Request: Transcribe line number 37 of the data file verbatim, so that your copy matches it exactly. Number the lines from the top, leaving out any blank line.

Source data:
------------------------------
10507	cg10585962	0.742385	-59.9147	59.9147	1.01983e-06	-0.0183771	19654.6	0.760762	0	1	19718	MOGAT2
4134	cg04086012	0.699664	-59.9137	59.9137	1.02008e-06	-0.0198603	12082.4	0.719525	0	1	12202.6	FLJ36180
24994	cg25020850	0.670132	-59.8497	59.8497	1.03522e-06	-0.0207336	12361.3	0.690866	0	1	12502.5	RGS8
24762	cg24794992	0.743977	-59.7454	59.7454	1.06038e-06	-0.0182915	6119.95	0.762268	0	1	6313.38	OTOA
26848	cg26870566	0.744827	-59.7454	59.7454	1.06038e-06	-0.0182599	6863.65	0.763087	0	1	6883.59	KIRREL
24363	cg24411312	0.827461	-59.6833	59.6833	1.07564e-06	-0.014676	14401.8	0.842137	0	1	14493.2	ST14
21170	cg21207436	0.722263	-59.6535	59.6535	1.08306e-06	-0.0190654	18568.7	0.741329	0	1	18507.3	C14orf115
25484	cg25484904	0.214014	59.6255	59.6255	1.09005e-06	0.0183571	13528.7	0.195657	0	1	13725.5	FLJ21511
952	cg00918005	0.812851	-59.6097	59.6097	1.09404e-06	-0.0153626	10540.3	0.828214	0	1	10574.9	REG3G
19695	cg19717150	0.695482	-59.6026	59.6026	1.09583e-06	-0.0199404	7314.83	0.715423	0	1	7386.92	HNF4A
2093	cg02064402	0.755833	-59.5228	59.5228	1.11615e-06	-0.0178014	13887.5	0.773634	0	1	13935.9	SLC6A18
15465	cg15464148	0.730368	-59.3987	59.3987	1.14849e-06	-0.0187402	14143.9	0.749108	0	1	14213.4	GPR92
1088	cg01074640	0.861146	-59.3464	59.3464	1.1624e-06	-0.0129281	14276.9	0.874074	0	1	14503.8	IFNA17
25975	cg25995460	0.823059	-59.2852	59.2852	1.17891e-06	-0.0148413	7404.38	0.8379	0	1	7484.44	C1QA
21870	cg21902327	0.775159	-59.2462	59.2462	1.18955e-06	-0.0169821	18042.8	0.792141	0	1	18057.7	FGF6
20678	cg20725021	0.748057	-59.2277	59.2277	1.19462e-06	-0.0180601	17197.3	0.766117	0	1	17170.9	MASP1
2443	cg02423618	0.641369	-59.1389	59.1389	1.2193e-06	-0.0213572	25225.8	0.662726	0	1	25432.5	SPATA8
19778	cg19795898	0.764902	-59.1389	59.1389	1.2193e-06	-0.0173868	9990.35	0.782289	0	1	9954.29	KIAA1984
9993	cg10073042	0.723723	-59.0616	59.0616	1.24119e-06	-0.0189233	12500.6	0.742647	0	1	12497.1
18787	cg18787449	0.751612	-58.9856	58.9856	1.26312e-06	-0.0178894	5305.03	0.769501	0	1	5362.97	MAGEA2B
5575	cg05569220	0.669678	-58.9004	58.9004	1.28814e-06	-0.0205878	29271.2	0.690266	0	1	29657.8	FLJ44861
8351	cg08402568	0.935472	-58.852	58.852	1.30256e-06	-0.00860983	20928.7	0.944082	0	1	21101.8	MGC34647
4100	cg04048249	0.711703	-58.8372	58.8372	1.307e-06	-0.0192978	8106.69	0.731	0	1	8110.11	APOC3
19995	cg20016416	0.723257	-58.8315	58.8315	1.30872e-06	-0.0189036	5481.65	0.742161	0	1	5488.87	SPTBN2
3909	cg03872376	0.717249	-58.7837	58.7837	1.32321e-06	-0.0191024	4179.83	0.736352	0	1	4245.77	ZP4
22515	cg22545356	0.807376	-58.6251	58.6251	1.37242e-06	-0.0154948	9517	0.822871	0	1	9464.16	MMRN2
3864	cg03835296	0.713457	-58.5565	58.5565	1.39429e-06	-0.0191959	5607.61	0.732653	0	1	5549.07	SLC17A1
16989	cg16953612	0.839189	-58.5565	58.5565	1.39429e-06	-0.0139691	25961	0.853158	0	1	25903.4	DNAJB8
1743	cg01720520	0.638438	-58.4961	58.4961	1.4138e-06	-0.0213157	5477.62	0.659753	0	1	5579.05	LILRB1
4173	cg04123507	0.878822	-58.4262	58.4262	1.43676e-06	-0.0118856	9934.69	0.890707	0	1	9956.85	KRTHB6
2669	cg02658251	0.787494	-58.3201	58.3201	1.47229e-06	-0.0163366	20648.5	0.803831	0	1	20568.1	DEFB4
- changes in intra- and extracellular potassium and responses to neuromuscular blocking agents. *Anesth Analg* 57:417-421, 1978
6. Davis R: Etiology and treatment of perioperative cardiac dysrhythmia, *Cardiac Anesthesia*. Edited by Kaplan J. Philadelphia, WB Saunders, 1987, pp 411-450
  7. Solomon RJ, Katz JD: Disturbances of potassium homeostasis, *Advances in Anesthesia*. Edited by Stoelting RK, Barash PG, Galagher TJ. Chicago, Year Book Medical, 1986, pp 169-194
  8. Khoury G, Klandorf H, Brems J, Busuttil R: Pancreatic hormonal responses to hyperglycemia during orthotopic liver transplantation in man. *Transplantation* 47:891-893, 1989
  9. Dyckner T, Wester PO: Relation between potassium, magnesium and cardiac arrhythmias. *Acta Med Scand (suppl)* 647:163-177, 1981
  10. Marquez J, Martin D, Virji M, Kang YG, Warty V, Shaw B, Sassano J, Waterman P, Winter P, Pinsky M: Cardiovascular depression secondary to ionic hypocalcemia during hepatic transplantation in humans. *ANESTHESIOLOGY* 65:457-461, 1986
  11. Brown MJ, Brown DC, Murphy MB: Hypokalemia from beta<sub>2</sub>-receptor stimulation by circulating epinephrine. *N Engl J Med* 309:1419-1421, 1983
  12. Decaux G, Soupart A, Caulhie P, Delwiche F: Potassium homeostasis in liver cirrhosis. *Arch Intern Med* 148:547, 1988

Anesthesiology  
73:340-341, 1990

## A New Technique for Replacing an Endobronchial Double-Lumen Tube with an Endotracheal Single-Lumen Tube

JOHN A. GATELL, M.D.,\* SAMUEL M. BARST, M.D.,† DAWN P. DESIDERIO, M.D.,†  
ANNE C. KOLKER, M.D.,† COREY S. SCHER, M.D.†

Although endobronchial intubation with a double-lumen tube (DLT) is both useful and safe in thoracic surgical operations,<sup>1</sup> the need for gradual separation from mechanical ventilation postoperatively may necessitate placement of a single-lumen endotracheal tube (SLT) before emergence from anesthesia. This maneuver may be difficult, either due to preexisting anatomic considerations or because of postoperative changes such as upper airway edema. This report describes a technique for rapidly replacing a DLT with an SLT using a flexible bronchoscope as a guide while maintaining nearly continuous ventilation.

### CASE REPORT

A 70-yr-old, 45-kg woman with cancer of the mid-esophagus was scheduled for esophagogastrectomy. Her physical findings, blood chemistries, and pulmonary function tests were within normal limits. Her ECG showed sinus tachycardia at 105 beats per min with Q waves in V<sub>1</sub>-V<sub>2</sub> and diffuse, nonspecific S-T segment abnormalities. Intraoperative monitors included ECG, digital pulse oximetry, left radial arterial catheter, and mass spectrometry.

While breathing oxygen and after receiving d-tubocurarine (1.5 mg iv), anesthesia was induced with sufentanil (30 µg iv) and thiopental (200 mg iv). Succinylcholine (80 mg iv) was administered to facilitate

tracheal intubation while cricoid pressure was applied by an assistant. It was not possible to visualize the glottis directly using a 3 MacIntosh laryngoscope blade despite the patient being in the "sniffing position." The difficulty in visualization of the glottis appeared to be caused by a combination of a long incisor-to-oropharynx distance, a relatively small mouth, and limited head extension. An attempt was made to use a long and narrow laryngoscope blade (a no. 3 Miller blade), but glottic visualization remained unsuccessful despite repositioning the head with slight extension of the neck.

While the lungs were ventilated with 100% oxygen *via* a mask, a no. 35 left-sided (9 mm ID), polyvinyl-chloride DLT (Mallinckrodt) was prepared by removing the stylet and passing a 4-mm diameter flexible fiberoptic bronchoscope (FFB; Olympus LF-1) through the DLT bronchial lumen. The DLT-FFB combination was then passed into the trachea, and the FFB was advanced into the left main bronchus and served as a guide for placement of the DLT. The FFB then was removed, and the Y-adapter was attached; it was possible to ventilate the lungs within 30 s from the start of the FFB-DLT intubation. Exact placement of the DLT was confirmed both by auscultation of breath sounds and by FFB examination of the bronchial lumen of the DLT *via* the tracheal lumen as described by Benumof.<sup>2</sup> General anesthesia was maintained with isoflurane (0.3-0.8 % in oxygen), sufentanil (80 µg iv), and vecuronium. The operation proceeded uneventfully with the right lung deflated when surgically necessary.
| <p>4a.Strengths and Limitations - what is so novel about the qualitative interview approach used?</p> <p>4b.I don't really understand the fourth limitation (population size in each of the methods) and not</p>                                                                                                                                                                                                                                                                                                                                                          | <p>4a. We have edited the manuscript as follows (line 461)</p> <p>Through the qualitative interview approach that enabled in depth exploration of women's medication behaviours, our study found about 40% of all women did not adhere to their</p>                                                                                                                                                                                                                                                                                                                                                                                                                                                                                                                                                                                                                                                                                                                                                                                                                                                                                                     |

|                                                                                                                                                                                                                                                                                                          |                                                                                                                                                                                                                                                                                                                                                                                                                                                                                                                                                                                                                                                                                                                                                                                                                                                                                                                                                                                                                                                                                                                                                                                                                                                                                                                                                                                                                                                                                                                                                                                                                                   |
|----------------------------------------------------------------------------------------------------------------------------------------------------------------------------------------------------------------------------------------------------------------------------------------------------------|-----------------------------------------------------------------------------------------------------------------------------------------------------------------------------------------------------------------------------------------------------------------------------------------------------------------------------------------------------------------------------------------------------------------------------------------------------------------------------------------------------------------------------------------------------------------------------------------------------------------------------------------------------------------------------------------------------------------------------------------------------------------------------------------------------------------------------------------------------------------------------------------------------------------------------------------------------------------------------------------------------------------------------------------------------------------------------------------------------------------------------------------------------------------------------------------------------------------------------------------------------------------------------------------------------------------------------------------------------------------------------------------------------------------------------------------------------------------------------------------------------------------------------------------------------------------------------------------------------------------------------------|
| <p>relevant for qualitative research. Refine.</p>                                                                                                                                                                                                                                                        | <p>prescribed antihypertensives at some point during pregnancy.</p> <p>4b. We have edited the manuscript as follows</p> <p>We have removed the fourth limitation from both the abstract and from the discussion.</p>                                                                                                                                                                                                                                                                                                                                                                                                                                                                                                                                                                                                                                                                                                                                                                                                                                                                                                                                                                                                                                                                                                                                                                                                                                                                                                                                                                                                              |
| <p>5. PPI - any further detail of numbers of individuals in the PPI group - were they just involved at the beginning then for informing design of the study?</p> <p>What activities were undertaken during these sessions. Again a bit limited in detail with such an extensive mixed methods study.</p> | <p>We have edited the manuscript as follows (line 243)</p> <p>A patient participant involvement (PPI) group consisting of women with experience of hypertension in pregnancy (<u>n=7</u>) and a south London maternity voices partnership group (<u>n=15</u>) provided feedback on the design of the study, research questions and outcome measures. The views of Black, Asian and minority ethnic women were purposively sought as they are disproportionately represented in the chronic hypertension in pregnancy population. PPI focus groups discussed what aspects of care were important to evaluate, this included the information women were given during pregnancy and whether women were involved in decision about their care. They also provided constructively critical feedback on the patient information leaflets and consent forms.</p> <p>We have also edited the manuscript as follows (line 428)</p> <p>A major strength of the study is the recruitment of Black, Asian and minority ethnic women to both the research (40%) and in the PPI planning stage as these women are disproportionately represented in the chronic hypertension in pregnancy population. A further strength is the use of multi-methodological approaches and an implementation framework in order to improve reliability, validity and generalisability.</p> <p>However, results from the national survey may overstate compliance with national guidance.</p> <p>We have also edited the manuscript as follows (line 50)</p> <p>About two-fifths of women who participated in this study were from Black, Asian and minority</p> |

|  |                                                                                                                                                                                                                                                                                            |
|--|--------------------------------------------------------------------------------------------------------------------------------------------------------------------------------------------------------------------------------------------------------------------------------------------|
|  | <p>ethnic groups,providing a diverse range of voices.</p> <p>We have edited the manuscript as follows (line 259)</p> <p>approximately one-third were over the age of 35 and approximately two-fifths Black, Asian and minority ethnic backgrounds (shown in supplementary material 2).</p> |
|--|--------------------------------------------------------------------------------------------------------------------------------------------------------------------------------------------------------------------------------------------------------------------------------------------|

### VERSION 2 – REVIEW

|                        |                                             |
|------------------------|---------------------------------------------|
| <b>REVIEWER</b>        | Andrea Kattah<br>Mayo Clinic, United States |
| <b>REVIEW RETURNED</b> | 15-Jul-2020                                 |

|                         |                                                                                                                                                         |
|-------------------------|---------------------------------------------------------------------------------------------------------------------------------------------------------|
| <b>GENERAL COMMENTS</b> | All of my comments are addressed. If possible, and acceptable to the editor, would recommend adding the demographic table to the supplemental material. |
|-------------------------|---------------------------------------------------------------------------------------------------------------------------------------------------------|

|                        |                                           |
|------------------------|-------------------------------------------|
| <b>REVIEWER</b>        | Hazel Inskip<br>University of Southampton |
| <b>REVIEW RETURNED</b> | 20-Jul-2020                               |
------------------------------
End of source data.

  10. Marquez J, Martin D, Virji M, Kang YG, Warty V, Shaw B, Sassano J, Waterman P, Winter P, Pinsky M: Cardiovascular depression secondary to ionic hypocalcemia during hepatic transplantation in humans. *ANESTHESIOLOGY* 65:457-461, 1986